Grove City Council delayed its Dec. 3 vote on legislation that would create a grant program to help residents pay to install electric-vehicle charging stations.
The delay came after lively discussion between council members and Mayor Richard "Ike" Stage that largely centered on philosophical differences about the role of government.
The ordinance, which is to be reconsidered Monday, Dec. 17, would establish a grant program with $25,000 from the city's general fund.
Residents looking to install electric-vehicle charging stations at their homes would be eligible for a $500 grant. For installations at multifamily residences such as condominium and apartment complexes, grants would be available up to $1,000, an amount that was $4,000 before it was amended Dec. 3.
The legislation is intended to give residents an incentive to buy electric cars, with the goal of reducing carbon emissions to ease the effects of climate change, according to its sponsor, Councilman Ted Berry.
Three council members -- Christine Houk, Jeffrey Davis and Steve Robinette -- expressed skepticism about whether a city government should provide grants for charging installations at residents' homes.
Houk and Davis said taxpayer money should not be used in that way because they think its effect would be too individualized.
"It doesn't sit right with me," Houk said.
Robinette said he'd view more favorably a proposal that offered grants for charging stations at public locations such as parking lots. Berry's initial legislation did that, but it was revised to include multifamily residences instead of commercial locations because other commercial incentives exist, such as a rebate program from AEP Ohio.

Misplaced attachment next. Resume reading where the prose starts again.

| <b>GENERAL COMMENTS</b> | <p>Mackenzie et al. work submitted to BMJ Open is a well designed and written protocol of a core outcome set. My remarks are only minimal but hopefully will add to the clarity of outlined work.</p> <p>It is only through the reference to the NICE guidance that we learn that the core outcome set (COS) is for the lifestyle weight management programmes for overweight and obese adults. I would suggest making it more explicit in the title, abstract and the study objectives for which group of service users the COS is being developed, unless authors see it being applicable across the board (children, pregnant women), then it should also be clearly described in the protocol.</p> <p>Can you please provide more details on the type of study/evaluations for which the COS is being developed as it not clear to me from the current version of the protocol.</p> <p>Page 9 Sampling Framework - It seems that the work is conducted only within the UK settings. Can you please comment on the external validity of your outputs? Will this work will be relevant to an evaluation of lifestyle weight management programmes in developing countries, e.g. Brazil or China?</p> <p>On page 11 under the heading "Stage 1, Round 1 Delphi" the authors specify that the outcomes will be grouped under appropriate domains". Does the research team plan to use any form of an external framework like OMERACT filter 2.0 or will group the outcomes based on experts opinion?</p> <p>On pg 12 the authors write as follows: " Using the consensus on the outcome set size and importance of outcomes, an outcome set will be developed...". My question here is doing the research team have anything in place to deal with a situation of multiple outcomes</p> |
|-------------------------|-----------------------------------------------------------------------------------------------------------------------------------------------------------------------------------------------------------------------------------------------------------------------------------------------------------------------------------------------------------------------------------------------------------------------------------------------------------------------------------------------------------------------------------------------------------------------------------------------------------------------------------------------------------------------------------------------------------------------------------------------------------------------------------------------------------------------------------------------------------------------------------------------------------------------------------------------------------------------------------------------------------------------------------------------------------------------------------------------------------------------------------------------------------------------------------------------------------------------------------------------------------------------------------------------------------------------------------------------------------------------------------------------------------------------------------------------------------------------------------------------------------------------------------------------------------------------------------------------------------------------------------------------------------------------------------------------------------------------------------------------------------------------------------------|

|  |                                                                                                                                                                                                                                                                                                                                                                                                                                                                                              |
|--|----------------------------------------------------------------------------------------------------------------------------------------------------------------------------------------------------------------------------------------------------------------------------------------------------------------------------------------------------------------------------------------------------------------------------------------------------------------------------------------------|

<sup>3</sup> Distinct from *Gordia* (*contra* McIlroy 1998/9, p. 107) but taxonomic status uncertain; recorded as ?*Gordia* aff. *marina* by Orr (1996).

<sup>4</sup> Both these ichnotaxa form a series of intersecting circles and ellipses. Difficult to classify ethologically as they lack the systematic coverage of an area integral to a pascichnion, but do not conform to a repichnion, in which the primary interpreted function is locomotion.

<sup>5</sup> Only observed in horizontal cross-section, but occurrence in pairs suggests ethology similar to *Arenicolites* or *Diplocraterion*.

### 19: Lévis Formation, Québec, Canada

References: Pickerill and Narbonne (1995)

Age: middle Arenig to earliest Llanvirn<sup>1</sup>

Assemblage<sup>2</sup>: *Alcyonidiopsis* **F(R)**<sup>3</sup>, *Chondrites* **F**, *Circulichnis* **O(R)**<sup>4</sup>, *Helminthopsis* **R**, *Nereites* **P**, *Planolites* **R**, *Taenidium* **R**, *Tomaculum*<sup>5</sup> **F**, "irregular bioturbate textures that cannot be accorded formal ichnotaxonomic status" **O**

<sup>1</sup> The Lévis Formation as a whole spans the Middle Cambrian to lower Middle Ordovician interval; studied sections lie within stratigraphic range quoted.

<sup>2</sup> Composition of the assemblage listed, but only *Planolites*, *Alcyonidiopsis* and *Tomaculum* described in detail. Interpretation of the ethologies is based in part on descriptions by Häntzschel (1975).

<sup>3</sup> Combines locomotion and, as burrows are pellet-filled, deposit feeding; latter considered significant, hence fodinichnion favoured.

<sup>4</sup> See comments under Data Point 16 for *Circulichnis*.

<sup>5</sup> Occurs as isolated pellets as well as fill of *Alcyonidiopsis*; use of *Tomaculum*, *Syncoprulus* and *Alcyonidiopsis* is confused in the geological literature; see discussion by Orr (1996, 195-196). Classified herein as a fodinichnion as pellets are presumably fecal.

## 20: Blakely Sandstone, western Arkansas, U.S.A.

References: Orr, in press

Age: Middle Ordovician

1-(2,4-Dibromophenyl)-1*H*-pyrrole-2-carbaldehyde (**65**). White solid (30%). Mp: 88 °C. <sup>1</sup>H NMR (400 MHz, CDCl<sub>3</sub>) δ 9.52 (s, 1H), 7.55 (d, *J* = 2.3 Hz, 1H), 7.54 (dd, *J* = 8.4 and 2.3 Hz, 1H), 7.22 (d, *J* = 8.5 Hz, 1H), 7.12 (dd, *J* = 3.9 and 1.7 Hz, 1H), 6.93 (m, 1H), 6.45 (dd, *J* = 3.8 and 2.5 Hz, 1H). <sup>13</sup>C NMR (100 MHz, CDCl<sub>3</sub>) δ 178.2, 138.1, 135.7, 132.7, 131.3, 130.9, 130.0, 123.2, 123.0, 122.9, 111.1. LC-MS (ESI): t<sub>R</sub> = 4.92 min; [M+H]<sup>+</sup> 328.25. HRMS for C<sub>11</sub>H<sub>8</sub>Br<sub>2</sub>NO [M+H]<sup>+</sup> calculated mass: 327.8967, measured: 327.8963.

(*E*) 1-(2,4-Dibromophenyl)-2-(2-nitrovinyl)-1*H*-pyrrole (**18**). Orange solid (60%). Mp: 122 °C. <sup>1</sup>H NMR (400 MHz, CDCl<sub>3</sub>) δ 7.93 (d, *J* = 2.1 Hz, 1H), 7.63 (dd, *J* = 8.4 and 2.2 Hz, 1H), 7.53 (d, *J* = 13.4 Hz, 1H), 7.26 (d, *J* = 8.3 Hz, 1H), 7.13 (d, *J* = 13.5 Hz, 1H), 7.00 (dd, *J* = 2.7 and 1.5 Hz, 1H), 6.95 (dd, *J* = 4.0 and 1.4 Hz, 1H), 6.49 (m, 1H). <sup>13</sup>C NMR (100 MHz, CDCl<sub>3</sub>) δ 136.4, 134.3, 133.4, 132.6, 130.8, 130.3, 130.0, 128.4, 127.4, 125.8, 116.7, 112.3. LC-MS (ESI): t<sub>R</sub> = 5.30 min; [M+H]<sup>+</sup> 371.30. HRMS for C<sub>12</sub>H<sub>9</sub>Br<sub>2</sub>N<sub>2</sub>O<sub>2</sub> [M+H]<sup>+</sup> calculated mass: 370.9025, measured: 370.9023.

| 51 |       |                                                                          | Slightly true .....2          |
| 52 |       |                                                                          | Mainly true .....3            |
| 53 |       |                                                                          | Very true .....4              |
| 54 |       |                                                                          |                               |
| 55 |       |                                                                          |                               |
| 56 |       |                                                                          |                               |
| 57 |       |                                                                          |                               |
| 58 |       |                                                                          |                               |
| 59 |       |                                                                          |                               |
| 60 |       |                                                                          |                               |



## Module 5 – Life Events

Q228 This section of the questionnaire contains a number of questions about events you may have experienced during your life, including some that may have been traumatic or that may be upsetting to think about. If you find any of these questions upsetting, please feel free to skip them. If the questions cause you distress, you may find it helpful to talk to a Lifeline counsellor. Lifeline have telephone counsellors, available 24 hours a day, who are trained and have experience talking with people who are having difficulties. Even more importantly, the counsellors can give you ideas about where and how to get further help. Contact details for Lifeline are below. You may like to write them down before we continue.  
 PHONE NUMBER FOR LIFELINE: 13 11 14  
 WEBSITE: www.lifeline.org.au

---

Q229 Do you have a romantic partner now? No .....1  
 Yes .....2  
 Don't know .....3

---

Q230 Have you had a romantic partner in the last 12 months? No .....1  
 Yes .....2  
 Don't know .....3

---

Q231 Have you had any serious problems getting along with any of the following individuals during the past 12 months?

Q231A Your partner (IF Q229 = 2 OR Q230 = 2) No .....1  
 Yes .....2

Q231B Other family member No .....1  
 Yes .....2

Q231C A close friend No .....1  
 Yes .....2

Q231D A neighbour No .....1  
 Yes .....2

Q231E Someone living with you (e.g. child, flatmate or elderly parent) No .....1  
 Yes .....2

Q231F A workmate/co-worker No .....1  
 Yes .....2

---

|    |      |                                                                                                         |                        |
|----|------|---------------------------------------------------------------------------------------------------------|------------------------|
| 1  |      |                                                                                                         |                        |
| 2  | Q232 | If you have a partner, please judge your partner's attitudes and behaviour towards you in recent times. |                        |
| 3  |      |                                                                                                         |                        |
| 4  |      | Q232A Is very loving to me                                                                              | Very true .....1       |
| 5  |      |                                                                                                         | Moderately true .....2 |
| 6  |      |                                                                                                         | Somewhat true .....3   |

In October, the initial intent was to offer grant opportunities at a rate of $500 for residential installation and $2,000 for commercial installation.
"We're revising that to focus primarily on residential applications, because while AEP has a rebate program for commercial entities, it doesn't have a residential grant program," Berry said. "If this is enacted, we would be encouraging businesses in our community to go through the AEP program."
The commercial rebate program AEP offers provides 50 to 80 percent of the cost of buying and installing a charger for a business, he said.
Under the proposed grant-application process detailed in the legislation, residents would need to provide two cost estimates for the proposed work, proof of property ownership or a lease and affidavit from the property owner. The property would have to be brought into compliance with the city's zoning code to qualify for funding.
Councilman Roby Schottke said the program would give taxpayer money directly back to the taxpayers who install charging stations.
A recent report from the federal government warns of the effects of climate change, stating environmental and economic effects would be felt by the end of the century if more isn't done to curb carbon emissions. Transportation is the largest source of carbon emissions in the U.S.
If the proposal passes, Grove City would be among the first cities to use general funds to create such a grant program, according to industry experts. Most incentives come from federal or statewide initiatives or directly from electric utility companies, The Columbus Dispatch has reported.